Towards identification of molecules by means of Raman spectroscopy using lab-on-a-chip micro-optical detection systems

Description

A good cell identification is important to be able to differentiate between cells in a sample. In order to know the cell composition and to understand various cellular processes, a recognition of biomolecules inside living cells is necessary. For example in the field of tumor diagnosis and therapy monitoring of cancer patients, a reliable identification of tumor cells from a blood sample is indispensable [1].

Raman spectroscopy is a powerful technique for the analysis of such biological or chemical samples. Raman scattering refers to an inelastic light scattering from a sample. Although biomolecules have a low Raman cross section and hence require a long integration time, Raman spectra have a rich information content about the molecular constituents of the sample. This is done without labeling or without destroying the molecules. Therefore Raman spectroscopy is an appropriate technique for identification of cells, when using it in combination with statistical methods.

Since we want to evolve to `Lab-on-a-chip' (LOC) systems, an incorporation of Raman spectroscopy on microfluidic devices is necessary. LOC systems are systems that integrate several chemical processes on a chip of a few square cm (figure 1a). These miniaturized systems have been manufactured for several decennia. They consume reduced reagent and provide a fast sample analysis.

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Figure 1: (a) ‘Lab-on-a-chip’ system, (b) Image of Chinese hamster ovary cell with probe locations, (c) Raman spectra from three different positions within a CHO cell: nucleus, cytoplasm and membrane [2].

The challenge of this master thesis is the detection of the Raman signal on the microfluidic device, because of the weak Raman signal and the background contamination. Nowadays the detection of the signals is still partly done with the use of a microscope objective. Measured Raman spectra are predominated by the background signals. When probing an ovary cell of a Chinese hamster (see figure 1b) the Raman features are difficult to discern due to the strong background (see figure 1c). This can for example be due to the presence of fluorescence. Different methods can be explored to suppress the background and to improve the signal-to-noise ratio of the measured Raman signal to perform a reliable identification of the cell under test.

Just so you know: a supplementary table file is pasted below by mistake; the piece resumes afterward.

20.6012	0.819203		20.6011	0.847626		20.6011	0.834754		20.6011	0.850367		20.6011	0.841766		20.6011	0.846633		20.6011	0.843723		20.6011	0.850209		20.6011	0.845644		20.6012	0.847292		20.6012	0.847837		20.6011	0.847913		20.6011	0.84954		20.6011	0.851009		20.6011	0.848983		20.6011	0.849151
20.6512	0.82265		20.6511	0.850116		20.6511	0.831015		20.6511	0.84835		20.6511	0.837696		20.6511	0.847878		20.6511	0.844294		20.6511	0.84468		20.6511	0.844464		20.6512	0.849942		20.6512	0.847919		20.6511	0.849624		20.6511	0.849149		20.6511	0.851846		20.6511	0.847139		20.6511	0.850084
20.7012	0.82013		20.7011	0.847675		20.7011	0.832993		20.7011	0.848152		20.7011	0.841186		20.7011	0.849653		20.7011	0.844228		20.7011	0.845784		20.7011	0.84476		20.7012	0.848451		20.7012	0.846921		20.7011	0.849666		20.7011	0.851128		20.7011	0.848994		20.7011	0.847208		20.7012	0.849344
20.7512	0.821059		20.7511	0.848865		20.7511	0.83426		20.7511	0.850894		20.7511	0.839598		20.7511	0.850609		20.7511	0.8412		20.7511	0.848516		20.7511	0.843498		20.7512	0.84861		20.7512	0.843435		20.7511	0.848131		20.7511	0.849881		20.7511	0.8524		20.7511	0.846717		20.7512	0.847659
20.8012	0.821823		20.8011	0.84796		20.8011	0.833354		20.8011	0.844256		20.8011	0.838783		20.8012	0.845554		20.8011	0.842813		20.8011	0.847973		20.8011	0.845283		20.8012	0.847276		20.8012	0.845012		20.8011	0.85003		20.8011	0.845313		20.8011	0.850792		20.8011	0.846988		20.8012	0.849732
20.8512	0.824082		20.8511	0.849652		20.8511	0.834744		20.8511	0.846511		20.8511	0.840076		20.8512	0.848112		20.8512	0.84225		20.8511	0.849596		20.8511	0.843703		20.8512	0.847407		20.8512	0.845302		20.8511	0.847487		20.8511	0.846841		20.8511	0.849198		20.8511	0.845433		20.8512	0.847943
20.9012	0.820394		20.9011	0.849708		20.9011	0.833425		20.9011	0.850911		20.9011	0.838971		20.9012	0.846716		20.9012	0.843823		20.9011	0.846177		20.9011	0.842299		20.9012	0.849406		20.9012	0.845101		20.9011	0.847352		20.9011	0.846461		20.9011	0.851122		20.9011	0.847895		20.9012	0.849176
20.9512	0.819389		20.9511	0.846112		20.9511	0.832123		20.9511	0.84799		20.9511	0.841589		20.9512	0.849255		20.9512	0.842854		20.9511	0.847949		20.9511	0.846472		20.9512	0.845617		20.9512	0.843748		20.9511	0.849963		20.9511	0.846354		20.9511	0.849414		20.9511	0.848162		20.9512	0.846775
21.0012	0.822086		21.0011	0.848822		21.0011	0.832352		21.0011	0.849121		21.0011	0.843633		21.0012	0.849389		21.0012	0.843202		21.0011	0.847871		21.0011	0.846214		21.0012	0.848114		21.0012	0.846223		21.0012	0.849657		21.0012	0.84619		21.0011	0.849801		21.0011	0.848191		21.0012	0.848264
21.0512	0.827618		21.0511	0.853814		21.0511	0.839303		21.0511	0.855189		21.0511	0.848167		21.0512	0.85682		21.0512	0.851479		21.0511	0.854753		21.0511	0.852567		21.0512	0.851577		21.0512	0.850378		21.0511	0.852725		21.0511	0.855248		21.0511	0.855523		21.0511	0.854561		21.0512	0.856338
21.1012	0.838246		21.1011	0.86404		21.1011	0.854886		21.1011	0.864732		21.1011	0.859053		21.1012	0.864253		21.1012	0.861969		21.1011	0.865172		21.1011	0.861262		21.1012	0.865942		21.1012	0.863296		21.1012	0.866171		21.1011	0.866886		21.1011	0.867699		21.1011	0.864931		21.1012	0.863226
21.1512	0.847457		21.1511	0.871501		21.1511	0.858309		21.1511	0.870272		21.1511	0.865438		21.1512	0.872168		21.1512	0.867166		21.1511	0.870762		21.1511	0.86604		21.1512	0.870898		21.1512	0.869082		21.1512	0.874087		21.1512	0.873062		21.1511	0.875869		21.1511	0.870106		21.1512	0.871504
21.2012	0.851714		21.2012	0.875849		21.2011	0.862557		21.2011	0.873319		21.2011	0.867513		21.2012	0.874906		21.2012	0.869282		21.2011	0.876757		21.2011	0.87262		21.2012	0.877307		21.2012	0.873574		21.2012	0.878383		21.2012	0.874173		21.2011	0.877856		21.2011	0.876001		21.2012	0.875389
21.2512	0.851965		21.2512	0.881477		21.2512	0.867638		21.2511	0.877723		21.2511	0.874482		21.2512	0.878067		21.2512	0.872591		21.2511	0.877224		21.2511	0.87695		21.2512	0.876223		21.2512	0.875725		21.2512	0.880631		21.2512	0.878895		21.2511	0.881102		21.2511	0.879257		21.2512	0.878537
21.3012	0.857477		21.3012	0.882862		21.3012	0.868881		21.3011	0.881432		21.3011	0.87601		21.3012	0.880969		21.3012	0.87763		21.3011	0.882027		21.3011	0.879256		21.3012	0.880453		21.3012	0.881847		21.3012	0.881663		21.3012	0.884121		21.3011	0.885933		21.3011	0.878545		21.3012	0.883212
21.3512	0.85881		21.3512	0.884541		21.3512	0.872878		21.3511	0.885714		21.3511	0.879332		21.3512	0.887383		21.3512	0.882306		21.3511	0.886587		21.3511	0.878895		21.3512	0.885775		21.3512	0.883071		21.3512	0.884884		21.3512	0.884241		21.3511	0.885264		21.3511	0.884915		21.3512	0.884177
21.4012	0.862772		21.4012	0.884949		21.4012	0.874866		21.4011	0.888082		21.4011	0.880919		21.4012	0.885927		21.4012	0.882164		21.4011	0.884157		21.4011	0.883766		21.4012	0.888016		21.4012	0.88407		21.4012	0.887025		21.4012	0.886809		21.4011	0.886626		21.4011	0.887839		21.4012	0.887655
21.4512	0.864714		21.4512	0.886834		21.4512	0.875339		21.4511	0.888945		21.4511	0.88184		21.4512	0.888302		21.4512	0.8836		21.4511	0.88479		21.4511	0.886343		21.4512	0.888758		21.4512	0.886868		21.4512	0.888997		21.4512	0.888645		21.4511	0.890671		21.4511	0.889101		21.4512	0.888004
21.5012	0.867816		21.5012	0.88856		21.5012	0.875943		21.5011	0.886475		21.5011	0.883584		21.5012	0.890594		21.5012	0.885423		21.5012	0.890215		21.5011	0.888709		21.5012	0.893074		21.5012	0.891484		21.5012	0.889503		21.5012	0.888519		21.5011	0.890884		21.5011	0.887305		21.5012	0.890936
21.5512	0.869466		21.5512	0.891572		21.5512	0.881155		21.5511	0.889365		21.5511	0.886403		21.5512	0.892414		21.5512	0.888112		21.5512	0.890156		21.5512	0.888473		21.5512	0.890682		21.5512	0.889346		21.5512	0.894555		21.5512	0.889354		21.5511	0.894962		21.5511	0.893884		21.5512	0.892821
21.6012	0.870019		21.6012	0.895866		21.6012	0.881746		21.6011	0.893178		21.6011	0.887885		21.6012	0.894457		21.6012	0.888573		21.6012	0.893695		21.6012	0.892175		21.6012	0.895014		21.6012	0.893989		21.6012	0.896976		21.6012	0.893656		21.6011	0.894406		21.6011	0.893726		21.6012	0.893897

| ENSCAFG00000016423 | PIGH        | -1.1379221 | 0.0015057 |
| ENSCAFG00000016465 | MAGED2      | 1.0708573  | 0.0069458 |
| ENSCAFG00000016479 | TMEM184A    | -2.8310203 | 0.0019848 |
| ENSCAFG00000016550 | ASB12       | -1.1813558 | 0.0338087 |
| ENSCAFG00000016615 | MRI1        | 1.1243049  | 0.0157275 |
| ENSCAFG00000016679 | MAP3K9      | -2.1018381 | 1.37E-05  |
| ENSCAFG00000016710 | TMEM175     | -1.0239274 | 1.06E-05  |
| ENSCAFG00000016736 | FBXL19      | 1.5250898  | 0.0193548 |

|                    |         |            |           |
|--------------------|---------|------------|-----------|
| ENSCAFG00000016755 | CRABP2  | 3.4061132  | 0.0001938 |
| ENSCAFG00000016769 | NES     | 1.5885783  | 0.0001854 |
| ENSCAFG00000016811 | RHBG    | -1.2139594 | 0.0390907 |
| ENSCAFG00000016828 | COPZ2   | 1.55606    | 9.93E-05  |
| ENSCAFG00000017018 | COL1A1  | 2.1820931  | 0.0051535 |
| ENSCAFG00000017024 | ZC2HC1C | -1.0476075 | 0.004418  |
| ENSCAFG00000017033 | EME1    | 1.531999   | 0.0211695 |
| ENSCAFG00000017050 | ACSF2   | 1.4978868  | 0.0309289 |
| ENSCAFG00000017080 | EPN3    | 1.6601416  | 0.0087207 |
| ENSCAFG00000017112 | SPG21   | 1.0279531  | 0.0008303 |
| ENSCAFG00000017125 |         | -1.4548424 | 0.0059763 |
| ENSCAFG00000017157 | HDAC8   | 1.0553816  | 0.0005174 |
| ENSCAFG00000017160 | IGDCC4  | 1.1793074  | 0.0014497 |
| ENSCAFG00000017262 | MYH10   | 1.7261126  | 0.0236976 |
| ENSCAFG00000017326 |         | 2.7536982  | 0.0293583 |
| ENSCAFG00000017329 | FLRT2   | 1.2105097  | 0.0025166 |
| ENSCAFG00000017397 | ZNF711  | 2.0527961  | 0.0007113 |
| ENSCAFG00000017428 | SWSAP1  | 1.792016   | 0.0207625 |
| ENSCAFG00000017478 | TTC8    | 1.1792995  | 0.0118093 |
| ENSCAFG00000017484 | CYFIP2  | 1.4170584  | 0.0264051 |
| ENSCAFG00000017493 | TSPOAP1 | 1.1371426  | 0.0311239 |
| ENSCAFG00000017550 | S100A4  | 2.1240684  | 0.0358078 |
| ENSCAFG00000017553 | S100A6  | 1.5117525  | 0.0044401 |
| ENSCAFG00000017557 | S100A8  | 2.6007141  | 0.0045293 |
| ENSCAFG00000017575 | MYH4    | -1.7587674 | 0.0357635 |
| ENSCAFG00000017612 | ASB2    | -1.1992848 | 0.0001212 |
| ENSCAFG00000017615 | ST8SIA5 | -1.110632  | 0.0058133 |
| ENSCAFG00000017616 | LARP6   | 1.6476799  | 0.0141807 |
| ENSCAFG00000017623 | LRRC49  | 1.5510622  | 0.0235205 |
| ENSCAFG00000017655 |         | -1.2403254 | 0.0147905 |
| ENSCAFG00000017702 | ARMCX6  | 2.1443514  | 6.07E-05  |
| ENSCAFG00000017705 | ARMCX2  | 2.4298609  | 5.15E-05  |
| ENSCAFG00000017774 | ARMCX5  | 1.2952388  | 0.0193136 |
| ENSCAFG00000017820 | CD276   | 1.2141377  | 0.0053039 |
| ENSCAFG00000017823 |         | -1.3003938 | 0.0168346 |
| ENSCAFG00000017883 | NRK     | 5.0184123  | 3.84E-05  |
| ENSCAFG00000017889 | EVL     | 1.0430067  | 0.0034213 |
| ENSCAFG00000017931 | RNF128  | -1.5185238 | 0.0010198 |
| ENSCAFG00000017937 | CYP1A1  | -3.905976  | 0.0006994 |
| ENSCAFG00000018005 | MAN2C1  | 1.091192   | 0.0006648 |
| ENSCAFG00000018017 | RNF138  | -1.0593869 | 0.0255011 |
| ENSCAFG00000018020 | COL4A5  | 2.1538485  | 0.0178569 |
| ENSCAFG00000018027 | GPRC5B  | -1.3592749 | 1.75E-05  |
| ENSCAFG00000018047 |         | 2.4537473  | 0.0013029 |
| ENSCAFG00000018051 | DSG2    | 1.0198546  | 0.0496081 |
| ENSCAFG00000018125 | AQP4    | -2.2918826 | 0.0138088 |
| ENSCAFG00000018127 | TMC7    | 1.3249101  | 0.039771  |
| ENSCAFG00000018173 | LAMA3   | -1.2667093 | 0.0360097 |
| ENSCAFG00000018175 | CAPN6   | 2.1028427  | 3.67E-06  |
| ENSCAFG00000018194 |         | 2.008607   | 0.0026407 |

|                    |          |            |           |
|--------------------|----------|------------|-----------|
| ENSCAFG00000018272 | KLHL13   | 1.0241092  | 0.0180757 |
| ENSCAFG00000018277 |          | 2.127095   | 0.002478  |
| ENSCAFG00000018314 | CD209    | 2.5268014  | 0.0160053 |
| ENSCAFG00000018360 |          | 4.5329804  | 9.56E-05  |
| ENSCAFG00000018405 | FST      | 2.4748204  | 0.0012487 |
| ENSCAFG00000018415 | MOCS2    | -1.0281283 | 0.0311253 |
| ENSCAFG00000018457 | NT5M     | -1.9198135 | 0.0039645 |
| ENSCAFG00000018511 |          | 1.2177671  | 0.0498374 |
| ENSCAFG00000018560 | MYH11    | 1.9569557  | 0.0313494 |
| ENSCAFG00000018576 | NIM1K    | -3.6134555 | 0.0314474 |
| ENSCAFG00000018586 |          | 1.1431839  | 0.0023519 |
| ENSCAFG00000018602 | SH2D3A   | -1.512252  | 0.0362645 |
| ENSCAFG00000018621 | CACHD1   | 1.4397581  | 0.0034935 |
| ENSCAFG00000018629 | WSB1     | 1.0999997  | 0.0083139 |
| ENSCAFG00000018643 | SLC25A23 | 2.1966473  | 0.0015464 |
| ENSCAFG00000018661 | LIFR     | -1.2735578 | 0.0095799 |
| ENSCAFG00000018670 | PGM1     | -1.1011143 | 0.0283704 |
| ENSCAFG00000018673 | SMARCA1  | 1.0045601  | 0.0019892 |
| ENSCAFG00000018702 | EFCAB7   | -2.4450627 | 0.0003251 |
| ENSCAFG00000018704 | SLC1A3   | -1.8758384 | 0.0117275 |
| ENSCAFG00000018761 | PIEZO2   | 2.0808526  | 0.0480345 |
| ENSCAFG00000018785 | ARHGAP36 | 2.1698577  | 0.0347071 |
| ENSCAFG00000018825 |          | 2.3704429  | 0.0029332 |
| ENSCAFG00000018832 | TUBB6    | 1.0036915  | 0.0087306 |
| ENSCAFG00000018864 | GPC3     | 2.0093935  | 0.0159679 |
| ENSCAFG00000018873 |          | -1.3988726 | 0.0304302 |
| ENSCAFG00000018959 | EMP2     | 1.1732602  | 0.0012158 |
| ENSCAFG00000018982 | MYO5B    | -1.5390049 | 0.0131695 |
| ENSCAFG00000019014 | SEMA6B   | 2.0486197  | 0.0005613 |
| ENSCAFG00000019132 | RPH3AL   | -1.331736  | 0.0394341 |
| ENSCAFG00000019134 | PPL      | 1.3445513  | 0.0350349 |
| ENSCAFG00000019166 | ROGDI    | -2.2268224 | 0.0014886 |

References

[1] U. Neugebauer et al., Clinical and Biomedical Spectroscopy and Imaging II 2011.

[2] A. C. De Luca, M. Mazilu, A. Riches, C. S. Herrington, and K. Dholakia, Anal. Chem. 82, 738 (2010)

Goals

In this master thesis you will explore the possibilities to work towards totally integrated Raman spectroscopy on a microfluidic device. In a first step you will model -using raytracing software- a suitable design to detect Raman signals without the need for an external objective. This is possible by combining an optimum design with different possibilities to suppress the unwanted background and by using appropriate statistical methods. In a next step you will fabricate the polymer lab-on-a-chip and demonstrate its proof-of-concept and as such contribute to the challenging field of biophotonics.

Contact(s)

Contact Affiliation
Heidi Ottevaere Promotor
Nathalie Vermeulen Promotor
Diane De Coster Supervisor
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